When you think about why the Cowboys are 5-6 this season, check out the starts to games.
Entering the weekend, the Cowboys have scored just 30 first-quarter points, 29th in the NFL.
They trailed Washington 28-3, Cleveland 13-0, the New York Giants 23-0 and Chicago and Seattle 10-0. Not all in the first quarter mind you, but when you have to rally it brings up misleading stats and makes your offense one-sided, meaning you’re forced to pass all game.
This season, quarterback Tony Romo has attempted 35 or more passes in a game eight times. In games where that happens, the Cowboys are 2-6.
Dallas Cowboys owner Jerry Jones didn’t believe a slow start was the problem in the Redskins loss because his team was ahead 3-0, but the Cowboys settled for a field goal on their first possession.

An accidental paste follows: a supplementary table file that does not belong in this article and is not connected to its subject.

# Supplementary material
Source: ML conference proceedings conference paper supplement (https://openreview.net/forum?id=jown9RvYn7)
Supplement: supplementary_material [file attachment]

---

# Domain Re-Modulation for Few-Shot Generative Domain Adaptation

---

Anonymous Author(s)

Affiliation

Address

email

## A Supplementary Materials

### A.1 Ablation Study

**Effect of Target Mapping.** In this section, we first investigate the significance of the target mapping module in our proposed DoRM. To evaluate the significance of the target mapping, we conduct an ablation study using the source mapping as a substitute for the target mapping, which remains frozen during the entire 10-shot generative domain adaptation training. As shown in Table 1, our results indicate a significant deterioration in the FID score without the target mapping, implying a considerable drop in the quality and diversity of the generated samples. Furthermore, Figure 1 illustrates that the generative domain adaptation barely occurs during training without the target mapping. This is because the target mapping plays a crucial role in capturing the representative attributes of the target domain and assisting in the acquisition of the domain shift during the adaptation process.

Over the next five weeks the Cowboys have to establish themselves early in the game, getting out fast — and getting touchdowns especially — to set the tone.
If not, then this season will be lost by Christmas Day.
Miles Austin is a dynamic wide out whose versatility hasn’t been properly recognized over the past few seasons. Even this year, over two-thirds of Austin’s pass snaps have come in the slot. At 6’2’’, 219 pounds, Austin doesn’t have the prototypical build of a slot receiver, but he’s been able to succeed in the middle of the field due to his exceptional combination of size and quickness.